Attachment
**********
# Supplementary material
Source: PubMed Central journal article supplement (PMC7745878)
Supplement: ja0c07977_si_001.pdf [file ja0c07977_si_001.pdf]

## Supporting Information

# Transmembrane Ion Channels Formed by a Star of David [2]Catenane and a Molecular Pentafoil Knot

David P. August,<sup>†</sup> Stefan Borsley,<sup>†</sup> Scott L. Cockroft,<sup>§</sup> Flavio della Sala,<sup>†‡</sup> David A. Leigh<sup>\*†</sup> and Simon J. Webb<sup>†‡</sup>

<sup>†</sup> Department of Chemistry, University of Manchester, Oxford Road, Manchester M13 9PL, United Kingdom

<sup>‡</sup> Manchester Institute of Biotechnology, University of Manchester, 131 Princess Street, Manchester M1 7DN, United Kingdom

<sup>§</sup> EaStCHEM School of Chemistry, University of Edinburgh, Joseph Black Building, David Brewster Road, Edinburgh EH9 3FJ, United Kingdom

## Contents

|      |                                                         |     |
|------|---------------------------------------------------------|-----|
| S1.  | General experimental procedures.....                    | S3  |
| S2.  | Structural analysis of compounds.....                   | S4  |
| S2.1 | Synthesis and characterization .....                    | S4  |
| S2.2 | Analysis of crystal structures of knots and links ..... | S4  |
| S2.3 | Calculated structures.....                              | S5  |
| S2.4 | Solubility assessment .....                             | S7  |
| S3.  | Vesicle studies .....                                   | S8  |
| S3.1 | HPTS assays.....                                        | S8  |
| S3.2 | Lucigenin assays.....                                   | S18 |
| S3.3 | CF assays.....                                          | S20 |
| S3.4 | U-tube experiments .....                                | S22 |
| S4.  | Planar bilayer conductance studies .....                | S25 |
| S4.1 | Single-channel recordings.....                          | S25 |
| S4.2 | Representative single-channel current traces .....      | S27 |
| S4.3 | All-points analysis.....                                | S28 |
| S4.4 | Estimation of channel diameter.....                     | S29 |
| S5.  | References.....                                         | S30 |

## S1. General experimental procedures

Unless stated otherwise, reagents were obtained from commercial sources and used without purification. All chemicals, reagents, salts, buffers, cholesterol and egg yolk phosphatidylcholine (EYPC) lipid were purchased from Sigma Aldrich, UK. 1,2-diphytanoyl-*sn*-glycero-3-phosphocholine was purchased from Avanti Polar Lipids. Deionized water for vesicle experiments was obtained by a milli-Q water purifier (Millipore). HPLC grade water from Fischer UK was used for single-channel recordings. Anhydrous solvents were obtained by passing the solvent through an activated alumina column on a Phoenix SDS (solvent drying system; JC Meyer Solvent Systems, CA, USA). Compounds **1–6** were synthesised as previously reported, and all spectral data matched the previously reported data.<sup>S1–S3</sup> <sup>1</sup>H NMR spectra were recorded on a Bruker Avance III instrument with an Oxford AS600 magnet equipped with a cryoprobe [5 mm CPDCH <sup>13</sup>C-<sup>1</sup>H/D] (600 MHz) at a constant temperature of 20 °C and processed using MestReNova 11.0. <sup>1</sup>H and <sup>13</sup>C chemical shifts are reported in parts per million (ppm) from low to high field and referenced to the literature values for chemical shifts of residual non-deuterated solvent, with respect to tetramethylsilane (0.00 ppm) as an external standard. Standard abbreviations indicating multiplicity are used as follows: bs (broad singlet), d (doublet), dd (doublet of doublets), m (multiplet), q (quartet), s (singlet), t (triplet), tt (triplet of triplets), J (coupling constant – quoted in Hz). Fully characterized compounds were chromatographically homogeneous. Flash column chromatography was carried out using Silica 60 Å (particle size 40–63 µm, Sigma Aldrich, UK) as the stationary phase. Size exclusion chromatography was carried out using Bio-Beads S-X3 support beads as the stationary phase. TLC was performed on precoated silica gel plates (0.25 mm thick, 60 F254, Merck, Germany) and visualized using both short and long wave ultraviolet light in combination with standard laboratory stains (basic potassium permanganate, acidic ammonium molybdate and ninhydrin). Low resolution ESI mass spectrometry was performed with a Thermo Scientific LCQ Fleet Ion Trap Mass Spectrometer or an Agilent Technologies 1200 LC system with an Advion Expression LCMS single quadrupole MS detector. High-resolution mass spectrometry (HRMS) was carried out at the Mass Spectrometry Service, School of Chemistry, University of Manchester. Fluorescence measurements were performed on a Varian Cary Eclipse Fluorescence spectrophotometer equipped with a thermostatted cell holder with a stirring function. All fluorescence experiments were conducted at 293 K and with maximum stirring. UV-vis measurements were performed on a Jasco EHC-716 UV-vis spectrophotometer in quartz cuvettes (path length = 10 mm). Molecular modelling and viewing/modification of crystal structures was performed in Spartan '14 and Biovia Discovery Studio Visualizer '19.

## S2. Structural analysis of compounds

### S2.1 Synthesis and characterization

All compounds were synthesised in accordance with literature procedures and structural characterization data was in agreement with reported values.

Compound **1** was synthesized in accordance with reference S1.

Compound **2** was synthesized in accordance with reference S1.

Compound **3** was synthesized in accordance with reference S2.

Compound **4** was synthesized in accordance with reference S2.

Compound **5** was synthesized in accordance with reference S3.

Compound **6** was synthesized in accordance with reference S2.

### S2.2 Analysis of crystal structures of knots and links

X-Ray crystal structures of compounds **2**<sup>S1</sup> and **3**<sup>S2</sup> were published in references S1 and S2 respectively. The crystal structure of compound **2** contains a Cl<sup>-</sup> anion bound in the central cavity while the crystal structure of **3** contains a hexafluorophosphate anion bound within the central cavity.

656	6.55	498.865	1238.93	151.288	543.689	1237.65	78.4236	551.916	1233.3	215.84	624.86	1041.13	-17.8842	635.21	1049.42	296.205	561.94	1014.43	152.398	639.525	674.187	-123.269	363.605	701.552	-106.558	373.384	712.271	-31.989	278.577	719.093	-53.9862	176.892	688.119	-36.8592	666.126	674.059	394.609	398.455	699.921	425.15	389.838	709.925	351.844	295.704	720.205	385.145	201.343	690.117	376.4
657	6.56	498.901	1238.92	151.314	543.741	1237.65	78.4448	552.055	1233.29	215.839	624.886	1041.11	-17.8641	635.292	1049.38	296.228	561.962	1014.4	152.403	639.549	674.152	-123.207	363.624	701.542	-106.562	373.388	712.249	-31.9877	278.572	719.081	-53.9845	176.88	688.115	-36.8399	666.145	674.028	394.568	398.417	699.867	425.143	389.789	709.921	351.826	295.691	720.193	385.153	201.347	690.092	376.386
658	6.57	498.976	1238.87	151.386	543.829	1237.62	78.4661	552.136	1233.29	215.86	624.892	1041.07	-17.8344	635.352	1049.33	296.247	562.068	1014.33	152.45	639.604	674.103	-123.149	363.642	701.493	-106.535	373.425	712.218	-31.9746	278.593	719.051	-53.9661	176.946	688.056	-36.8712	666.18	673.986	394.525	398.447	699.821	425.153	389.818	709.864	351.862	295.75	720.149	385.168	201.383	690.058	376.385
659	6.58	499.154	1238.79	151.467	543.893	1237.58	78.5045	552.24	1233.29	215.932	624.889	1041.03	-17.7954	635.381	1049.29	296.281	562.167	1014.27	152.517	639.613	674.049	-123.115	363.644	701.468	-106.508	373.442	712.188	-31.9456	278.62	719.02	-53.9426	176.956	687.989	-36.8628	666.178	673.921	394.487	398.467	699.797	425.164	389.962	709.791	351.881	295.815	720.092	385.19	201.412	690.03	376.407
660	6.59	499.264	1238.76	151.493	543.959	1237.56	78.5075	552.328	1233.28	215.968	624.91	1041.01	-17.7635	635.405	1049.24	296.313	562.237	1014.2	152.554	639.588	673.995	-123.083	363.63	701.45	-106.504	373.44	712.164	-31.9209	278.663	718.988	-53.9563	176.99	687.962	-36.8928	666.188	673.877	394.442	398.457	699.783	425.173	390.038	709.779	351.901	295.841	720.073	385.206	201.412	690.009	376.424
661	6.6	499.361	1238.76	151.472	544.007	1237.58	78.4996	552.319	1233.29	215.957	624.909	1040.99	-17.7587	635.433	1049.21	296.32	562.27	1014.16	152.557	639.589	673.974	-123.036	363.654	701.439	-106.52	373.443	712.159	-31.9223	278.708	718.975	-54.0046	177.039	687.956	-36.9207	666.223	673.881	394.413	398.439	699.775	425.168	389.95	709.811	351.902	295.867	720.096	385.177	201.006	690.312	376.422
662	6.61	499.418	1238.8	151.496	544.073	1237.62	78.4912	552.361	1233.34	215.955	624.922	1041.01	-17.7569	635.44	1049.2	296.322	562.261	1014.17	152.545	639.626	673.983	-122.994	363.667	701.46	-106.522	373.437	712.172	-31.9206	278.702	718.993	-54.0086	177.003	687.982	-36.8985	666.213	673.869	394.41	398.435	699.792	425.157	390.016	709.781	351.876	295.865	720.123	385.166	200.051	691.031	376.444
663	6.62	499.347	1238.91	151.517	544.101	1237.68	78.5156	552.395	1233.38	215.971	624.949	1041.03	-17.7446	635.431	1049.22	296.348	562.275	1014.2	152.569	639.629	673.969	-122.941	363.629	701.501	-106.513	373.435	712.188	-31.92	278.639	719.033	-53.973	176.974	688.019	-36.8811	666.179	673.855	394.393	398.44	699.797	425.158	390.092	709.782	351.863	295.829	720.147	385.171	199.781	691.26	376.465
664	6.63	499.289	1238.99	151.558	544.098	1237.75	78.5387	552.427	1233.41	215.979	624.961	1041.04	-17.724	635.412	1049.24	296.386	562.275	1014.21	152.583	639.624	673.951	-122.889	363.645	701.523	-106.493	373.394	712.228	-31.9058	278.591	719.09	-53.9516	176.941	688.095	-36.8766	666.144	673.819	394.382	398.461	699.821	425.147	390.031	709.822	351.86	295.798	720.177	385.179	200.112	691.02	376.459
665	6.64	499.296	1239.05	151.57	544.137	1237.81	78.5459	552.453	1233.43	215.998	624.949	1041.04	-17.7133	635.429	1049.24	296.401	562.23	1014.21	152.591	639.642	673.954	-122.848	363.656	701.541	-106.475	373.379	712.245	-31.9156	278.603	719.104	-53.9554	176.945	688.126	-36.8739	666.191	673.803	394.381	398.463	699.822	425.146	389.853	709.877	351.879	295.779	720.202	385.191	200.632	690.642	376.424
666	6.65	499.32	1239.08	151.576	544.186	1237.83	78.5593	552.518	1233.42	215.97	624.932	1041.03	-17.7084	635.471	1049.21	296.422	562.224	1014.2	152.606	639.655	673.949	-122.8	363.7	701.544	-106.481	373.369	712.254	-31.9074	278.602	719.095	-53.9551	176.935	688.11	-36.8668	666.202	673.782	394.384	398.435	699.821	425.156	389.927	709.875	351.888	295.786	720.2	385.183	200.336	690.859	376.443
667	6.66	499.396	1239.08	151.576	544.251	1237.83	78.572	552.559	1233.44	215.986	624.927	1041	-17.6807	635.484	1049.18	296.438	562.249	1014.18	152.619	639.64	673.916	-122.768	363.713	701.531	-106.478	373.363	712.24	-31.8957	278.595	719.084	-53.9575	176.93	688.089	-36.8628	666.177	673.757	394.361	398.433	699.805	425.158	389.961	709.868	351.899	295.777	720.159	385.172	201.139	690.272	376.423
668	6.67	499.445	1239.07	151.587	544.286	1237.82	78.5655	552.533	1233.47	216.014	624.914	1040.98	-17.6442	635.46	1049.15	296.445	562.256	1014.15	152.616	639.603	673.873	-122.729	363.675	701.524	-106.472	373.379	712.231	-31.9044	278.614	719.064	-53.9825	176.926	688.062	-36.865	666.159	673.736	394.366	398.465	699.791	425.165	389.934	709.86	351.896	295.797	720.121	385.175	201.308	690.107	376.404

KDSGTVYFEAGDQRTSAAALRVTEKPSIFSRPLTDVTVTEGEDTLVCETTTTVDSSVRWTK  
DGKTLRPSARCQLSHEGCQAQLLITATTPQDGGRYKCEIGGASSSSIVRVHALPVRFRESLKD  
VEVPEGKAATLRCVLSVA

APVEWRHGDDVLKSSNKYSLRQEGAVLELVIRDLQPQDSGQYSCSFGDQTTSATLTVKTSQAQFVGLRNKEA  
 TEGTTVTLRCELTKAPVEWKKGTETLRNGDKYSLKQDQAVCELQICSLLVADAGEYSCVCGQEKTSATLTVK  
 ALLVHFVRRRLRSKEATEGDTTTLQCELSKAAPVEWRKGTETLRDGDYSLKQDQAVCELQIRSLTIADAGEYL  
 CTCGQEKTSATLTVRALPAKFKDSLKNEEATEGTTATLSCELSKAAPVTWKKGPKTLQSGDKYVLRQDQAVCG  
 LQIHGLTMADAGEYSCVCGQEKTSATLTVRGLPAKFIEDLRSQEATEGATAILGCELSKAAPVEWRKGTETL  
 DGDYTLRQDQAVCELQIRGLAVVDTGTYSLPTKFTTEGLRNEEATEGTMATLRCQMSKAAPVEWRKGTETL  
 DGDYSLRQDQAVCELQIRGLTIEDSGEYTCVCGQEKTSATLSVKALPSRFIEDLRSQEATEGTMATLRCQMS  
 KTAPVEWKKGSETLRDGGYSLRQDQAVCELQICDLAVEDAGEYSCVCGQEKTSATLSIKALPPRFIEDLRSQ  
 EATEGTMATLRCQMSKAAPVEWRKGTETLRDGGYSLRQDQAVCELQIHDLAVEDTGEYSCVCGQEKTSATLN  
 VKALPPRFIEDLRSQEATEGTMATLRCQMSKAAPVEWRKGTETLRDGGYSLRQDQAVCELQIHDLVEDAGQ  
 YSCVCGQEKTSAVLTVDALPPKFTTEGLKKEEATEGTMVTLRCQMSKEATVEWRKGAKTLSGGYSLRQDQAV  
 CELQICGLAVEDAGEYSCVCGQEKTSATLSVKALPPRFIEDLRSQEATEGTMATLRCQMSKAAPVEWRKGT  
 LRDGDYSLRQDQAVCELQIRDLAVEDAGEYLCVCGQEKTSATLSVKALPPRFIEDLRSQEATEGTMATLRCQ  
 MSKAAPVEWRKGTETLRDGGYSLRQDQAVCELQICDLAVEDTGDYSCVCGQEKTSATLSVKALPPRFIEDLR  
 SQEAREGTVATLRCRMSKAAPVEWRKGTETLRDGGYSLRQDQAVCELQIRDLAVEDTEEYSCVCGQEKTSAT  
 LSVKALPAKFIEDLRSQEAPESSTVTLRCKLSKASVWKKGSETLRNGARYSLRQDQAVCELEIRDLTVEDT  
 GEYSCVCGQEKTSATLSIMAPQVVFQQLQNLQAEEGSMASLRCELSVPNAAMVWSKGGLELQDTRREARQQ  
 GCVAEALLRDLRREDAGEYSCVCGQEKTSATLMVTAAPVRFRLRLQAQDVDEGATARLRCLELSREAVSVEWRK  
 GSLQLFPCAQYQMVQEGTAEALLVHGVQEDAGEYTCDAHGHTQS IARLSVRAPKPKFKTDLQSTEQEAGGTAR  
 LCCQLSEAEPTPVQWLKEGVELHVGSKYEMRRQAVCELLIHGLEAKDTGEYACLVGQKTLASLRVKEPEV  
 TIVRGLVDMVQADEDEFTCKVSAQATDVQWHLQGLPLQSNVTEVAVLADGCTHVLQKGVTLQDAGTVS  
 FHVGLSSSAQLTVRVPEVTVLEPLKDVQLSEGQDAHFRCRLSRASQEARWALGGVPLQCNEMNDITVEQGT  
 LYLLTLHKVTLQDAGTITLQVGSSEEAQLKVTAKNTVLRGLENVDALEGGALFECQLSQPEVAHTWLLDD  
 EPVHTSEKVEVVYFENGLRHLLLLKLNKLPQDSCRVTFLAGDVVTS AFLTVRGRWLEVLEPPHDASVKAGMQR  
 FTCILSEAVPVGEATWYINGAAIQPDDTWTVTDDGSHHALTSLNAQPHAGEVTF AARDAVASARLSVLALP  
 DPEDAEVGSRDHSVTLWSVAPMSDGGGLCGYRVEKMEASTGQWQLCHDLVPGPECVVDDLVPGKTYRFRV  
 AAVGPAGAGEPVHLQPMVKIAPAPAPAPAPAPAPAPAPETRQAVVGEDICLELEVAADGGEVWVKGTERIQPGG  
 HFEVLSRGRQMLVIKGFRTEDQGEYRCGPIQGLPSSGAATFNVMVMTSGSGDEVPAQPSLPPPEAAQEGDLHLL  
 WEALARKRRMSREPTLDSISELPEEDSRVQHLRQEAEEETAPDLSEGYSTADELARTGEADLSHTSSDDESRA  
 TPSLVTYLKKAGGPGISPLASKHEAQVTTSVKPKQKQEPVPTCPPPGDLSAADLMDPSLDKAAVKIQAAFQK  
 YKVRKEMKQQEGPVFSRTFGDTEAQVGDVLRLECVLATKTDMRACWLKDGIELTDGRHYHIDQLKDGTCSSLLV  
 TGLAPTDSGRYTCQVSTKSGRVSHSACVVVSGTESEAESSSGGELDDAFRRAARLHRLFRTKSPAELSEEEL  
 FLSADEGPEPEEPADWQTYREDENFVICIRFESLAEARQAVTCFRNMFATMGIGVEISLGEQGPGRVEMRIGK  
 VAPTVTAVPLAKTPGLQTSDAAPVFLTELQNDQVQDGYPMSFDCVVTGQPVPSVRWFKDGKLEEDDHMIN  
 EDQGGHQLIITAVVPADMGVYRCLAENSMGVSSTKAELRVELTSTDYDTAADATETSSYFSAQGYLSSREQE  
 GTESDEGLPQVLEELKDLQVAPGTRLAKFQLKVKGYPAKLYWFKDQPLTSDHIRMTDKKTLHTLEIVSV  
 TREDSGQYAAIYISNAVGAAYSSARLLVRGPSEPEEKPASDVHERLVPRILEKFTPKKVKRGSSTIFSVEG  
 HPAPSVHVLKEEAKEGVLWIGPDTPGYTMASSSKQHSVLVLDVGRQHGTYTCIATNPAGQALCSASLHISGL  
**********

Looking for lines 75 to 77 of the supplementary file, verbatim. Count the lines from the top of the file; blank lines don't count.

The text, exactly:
 GEYSCVCGQEKTSATLSIMAPQVVFQQLQNLQAEEGSMASLRCELSVPNAAMVWSKGGLELQDTRREARQQ  
 GCVAEALLRDLRREDAGEYSCVCGQEKTSATLMVTAAPVRFRLRLQAQDVDEGATARLRCLELSREAVSVEWRK  
 GSLQLFPCAQYQMVQEGTAEALLVHGVQEDAGEYTCDAHGHTQS IARLSVRAPKPKFKTDLQSTEQEAGGTAR  